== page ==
“I’ll be honest: the gnomes keep me up at night worrying,” admits Professor Andrew Hudson-Smith, director of the Bartlett’s Centre for Advanced Spatial Analysis, or CASA, at University College London. “Is it academic? Do academics do gnomes?” On the desk in front of him sits a 3D-printed gnome of the garden variety, unpainted and not yet fitted with the Bluetooth transmitter that will replace its feet. “Probably not,” he concludes. “It’s probably frowned upon.”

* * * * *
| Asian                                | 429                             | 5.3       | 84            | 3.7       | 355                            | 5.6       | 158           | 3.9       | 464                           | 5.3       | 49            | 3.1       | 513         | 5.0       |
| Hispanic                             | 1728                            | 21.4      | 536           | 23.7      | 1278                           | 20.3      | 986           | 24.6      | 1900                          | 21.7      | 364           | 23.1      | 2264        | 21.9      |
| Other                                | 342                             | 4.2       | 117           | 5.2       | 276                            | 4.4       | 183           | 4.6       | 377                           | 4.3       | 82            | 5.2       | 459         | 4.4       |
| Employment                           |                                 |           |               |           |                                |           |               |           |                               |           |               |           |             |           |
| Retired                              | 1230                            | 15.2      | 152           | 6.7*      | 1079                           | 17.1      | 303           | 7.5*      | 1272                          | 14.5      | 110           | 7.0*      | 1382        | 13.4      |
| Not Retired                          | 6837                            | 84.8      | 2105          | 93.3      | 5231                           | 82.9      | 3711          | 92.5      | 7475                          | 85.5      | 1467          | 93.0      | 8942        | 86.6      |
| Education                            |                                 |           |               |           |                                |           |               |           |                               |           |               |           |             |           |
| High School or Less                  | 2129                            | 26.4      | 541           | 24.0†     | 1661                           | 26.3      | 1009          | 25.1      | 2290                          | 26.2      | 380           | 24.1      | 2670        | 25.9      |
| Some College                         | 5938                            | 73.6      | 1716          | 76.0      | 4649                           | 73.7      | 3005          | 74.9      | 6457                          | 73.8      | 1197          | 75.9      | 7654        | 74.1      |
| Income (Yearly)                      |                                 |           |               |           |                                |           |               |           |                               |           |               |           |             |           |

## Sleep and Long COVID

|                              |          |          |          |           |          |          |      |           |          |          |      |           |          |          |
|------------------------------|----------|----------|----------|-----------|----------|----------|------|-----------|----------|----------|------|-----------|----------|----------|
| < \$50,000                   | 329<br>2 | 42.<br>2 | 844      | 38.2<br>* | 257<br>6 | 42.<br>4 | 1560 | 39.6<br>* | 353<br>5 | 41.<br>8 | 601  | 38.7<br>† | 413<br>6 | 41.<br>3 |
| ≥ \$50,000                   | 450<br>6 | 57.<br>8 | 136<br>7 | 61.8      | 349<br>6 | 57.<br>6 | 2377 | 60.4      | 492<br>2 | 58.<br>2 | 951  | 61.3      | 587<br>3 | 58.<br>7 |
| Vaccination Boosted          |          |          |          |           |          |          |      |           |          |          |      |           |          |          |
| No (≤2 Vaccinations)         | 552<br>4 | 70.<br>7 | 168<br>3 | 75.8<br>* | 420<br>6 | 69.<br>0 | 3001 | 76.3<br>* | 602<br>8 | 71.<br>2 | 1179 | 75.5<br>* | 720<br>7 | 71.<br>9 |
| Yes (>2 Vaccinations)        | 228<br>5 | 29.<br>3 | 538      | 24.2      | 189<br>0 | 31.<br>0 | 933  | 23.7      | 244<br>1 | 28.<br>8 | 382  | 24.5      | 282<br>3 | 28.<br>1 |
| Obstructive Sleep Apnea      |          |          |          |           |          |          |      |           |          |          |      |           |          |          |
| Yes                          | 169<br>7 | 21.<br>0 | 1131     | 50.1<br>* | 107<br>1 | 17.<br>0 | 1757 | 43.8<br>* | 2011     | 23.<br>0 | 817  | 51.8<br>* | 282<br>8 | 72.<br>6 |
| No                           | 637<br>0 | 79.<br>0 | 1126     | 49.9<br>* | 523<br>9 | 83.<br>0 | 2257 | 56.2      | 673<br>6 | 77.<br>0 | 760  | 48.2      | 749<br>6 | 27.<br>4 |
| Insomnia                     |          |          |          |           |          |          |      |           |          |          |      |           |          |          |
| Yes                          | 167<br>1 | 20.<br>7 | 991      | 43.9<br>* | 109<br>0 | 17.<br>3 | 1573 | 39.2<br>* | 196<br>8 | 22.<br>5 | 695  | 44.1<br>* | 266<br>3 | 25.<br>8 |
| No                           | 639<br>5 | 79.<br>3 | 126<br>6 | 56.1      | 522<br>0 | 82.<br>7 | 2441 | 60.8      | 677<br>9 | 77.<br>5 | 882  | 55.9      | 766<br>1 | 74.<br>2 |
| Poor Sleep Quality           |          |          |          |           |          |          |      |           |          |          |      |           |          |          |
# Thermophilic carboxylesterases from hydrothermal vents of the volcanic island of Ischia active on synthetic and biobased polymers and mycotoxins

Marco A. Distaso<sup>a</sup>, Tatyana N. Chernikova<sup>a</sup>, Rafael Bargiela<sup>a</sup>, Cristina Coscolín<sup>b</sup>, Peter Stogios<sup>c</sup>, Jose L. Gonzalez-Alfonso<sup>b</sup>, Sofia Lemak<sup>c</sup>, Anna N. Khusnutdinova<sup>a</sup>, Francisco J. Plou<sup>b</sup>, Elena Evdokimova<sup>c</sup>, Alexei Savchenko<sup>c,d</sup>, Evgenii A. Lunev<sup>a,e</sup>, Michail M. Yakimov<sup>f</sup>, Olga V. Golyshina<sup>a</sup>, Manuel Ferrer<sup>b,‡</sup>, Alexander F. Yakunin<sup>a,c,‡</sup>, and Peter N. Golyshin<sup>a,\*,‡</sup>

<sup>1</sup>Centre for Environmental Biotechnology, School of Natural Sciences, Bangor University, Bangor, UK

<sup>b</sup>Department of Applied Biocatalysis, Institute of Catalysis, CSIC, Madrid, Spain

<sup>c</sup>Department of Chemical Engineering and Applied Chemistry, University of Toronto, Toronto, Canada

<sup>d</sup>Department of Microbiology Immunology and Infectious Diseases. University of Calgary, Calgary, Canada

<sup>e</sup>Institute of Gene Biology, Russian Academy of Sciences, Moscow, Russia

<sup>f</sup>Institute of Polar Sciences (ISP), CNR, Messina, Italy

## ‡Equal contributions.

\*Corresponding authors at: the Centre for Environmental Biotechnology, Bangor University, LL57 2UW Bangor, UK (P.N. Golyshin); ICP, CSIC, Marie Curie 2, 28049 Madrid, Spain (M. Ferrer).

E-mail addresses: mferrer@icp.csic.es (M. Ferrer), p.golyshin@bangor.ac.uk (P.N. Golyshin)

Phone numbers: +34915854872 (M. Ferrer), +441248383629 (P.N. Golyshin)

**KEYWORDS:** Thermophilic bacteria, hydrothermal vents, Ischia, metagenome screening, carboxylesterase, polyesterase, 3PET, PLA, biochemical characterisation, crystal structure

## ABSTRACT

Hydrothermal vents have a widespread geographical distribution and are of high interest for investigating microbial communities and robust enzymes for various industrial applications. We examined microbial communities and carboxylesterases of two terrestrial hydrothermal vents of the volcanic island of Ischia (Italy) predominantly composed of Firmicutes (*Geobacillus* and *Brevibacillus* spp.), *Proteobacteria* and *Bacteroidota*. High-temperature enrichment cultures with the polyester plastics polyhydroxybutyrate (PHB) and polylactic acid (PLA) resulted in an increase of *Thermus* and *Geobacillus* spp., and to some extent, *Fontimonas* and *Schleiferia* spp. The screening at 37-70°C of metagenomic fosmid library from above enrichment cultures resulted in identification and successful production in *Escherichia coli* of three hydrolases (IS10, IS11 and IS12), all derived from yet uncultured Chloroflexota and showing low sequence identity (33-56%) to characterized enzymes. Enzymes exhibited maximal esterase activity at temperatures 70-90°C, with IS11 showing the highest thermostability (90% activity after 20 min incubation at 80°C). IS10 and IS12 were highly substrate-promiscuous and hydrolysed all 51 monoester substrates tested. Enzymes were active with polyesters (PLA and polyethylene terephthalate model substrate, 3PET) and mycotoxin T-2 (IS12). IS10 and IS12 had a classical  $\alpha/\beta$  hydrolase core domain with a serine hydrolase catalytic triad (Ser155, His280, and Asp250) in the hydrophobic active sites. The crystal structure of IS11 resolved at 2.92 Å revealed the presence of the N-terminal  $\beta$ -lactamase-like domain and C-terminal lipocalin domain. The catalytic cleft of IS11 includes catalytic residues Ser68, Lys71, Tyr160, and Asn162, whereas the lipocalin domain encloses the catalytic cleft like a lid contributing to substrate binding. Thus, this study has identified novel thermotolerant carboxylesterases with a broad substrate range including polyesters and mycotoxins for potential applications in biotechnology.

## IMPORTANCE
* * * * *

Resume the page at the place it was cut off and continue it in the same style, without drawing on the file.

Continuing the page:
CASA, however, does do gnomes. When it’s finished, this one and 29 clones will sit in solar-powered mushroom homes amongst the shrubbery of the Queen Elizabeth Olympic Park in east London. They will be the most visible elements of a vast technology infrastructure underpinning the cutting-edge “Smart Park” project, which will have ubiquitous wifi, superfast broadband and a dense mesh of sensors monitoring everything from temperature and humidity, to the movement of crowds and even their emotions. Over the next decade, CASA will collect and analyse this data in order to understand and transform how people use the space and, looking further ahead, plan the smart urban districts of the future. I wrote this article about it for the Bartlett Review 2016.